But while they are silent on the main issue, they have a vast amount to say about minor issues and secondary aspects. They console and reconcile their people in a hundred ways. Actually they seem, in a great measure, to entertain the idea that the Churches are going to emerge from this trial stronger than ever, and to witness at last that religious revival which they had almost begun to despair of securing. Let me examine a few of these clerical pronouncements. I do not choose the eccentric sermons of ill-educated rural preachers, but the utterances of some of the more distinguished preachers, reproduced with pride and honour in the leading religious periodicals. Yet no person can coldly reflect on these pronouncements and fail to realise that our generation acts not unnaturally in passing by the open doors of the Churches; that the clergy are, as usual, shirking the most serious questions of the modern intelligence, and trusting mainly to profit by the heated and disordered and confusing emotions of the hour.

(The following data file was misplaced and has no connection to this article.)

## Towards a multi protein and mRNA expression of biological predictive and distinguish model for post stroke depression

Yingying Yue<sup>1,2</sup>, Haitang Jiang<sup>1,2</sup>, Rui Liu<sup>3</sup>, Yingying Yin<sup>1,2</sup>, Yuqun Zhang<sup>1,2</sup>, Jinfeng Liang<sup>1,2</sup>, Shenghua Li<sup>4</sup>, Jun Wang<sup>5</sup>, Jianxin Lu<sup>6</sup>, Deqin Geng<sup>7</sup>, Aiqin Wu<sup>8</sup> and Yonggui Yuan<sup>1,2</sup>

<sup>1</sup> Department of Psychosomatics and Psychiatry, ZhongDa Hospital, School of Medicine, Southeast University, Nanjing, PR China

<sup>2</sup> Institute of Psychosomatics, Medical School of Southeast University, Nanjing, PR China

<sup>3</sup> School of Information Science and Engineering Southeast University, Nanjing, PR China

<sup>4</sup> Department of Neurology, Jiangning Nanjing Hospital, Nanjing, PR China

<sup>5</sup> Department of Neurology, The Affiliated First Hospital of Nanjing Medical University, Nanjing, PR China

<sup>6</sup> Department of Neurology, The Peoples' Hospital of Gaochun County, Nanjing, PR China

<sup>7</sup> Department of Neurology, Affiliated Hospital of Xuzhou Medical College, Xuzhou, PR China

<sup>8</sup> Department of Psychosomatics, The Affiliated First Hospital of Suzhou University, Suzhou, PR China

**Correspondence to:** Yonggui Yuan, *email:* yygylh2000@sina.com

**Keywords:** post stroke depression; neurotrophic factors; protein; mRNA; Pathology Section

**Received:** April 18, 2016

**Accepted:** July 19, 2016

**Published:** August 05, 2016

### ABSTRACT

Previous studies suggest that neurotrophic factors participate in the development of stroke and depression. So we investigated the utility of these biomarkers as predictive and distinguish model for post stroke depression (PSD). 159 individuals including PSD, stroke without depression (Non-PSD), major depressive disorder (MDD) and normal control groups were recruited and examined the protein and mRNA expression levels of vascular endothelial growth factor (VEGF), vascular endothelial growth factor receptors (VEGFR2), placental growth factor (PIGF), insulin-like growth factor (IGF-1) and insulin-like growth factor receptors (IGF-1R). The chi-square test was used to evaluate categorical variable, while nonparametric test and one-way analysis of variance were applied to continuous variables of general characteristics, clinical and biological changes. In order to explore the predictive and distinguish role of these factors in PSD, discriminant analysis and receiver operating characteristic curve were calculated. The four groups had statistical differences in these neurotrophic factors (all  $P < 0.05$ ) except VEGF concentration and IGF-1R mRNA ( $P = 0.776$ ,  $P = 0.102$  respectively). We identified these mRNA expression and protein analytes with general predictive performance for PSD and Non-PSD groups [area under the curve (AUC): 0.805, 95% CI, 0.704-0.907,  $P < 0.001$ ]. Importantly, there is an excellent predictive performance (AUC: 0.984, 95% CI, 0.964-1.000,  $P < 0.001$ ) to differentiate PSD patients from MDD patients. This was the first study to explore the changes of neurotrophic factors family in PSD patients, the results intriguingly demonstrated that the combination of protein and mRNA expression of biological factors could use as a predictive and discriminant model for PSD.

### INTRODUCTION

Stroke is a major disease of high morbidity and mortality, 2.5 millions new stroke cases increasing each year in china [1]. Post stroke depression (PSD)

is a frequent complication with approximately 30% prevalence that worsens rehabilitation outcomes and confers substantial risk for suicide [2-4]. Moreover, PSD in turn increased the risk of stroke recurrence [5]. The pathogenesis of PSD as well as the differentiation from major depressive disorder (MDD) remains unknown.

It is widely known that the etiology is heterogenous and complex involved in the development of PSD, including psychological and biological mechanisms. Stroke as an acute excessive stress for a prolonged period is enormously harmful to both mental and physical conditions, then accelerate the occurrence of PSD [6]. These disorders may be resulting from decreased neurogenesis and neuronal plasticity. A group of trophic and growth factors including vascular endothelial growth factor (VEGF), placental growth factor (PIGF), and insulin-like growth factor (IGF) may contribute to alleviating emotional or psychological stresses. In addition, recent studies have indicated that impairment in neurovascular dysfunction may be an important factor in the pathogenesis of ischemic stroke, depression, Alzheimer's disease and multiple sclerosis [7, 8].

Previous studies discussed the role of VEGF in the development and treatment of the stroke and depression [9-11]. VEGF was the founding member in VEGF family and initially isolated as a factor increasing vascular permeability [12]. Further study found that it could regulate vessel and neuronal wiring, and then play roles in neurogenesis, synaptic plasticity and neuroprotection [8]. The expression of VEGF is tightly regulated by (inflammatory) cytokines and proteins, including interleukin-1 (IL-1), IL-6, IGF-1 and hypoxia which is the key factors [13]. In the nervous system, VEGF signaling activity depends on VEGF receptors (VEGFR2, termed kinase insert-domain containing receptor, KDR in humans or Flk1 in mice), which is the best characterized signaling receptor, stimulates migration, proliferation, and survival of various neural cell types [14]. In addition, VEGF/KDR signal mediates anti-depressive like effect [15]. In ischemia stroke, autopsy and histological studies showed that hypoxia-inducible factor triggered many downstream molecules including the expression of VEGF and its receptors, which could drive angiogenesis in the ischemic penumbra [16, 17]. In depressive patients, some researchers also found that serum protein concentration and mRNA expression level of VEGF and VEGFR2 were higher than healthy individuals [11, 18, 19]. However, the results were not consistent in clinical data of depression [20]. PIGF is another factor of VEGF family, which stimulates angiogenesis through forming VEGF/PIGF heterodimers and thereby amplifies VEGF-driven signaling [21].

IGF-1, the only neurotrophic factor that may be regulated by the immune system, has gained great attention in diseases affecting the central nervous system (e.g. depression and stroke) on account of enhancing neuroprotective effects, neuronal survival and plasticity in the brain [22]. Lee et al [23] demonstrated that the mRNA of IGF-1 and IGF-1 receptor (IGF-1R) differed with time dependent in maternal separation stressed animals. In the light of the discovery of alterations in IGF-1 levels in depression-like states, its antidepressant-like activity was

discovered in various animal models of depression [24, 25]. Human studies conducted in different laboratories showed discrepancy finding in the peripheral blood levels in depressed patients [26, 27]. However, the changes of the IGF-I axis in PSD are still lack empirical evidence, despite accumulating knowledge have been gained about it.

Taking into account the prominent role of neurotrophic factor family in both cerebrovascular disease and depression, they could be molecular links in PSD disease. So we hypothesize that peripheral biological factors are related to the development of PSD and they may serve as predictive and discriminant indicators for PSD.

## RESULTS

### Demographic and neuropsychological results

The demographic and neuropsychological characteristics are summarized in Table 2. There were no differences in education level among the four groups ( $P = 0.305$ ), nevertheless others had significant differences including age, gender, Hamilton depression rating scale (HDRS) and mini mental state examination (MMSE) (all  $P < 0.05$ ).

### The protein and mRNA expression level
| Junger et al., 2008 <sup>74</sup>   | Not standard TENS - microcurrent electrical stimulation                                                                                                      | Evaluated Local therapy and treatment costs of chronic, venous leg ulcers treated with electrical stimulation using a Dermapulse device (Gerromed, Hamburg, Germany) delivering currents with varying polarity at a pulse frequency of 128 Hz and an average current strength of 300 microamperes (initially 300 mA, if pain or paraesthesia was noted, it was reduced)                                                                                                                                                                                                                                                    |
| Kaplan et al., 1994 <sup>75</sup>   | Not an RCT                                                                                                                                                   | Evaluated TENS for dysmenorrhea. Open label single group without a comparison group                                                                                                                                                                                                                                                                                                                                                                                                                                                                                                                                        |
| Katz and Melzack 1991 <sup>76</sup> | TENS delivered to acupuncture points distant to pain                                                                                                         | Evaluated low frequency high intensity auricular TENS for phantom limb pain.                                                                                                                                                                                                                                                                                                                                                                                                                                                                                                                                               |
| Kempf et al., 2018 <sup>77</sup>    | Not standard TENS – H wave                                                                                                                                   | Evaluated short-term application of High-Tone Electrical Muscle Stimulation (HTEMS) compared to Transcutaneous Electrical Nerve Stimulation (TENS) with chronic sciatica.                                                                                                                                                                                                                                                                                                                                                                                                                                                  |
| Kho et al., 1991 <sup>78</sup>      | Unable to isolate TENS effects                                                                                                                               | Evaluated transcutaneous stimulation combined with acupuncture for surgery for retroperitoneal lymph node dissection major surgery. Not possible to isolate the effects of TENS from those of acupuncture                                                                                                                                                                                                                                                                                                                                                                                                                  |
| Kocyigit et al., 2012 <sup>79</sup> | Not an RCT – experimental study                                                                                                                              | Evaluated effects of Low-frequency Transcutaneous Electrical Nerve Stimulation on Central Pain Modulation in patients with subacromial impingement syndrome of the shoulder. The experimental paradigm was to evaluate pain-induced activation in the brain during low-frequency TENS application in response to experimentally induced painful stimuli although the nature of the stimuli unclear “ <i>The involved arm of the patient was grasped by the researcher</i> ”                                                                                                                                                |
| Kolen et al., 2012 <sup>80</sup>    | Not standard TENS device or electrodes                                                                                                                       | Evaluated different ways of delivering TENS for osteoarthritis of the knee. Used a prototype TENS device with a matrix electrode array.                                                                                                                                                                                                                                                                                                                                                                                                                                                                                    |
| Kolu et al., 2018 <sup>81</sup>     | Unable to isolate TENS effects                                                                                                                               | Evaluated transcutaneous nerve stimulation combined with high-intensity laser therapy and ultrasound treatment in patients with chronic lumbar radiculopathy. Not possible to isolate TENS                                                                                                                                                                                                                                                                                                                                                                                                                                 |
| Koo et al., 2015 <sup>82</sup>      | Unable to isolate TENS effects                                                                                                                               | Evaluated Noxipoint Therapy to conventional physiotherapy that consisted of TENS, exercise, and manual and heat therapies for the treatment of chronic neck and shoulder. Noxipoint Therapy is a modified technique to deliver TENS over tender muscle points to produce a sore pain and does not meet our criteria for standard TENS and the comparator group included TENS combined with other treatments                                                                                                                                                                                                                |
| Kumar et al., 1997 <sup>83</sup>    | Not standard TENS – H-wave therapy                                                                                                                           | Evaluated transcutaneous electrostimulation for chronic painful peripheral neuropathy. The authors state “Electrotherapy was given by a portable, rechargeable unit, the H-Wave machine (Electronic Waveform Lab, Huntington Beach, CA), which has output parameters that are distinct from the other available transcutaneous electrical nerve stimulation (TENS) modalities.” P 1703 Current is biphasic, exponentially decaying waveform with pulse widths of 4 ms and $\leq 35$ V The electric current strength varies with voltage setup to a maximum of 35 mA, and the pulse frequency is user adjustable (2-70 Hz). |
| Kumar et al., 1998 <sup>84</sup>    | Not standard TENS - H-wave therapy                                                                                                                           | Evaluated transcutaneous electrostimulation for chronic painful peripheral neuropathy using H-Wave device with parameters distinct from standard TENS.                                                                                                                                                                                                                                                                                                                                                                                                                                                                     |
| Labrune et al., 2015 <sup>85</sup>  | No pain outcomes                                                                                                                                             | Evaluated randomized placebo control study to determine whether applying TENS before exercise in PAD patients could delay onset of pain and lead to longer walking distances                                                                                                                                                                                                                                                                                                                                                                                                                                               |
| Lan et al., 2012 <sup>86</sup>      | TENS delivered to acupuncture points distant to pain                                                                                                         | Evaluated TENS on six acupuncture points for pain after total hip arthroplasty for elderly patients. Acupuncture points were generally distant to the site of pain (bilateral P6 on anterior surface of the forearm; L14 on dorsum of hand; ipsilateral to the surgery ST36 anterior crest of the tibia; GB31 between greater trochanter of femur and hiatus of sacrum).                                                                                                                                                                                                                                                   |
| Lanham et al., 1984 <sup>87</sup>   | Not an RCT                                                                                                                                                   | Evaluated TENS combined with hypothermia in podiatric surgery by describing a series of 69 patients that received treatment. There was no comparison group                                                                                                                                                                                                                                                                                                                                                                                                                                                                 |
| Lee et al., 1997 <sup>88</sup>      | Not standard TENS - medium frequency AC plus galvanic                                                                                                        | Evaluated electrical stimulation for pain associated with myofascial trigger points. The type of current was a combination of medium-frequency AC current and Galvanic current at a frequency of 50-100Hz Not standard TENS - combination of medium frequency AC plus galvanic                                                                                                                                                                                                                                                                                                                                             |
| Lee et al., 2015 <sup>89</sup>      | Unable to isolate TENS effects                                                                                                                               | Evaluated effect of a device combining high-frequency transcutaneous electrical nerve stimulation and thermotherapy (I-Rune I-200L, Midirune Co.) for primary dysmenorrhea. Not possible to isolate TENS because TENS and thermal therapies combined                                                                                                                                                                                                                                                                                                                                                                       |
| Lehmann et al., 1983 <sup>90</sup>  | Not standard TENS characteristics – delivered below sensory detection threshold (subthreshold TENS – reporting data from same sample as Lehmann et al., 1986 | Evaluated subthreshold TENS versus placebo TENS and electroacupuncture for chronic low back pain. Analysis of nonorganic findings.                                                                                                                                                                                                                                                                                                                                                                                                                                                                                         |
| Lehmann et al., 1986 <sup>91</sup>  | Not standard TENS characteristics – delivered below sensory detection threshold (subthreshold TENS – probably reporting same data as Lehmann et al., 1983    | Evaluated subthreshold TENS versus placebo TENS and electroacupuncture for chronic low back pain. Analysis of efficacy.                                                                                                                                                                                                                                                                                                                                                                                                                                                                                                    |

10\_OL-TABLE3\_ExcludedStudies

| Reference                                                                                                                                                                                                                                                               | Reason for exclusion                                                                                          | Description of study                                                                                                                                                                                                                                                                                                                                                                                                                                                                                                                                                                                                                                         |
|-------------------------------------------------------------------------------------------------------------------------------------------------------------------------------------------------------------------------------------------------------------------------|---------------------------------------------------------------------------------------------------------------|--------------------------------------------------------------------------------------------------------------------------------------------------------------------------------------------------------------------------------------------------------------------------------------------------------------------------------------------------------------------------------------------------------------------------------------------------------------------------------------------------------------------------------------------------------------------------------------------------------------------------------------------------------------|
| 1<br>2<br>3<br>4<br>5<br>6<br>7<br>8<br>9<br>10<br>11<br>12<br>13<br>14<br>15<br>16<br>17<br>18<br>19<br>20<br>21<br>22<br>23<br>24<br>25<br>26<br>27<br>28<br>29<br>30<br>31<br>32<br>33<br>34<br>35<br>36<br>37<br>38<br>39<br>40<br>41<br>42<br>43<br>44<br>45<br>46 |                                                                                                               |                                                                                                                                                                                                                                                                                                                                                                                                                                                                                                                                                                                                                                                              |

One of the most extraordinary of these deliverances reaches me from Australia, but as it comes from one of the leading prelates of the Commonwealth and does assuredly express what multitudes of preachers are saying everywhere, I do not hesitate to give it prominence. Archbishop Carr, of Melbourne, set out in the middle of the war to enlighten his followers, and his words are reported with great deference in the Melbourne Age (December 28th). The prelate observed that he had "very strong ideas about the war" (I quote the words of the Age), and "did not believe it had happened by accident, or by the chance action of some king or emperor." He believed that "the great God who provided for all human creatures, through the war was punishing sin that had prevailed for a long time, particularly in the shape of infidelity." The Archbishop proved from history and the Bible that war did come sometimes as a punishment of sin, and he concluded, or the journal thus summarises his conclusion: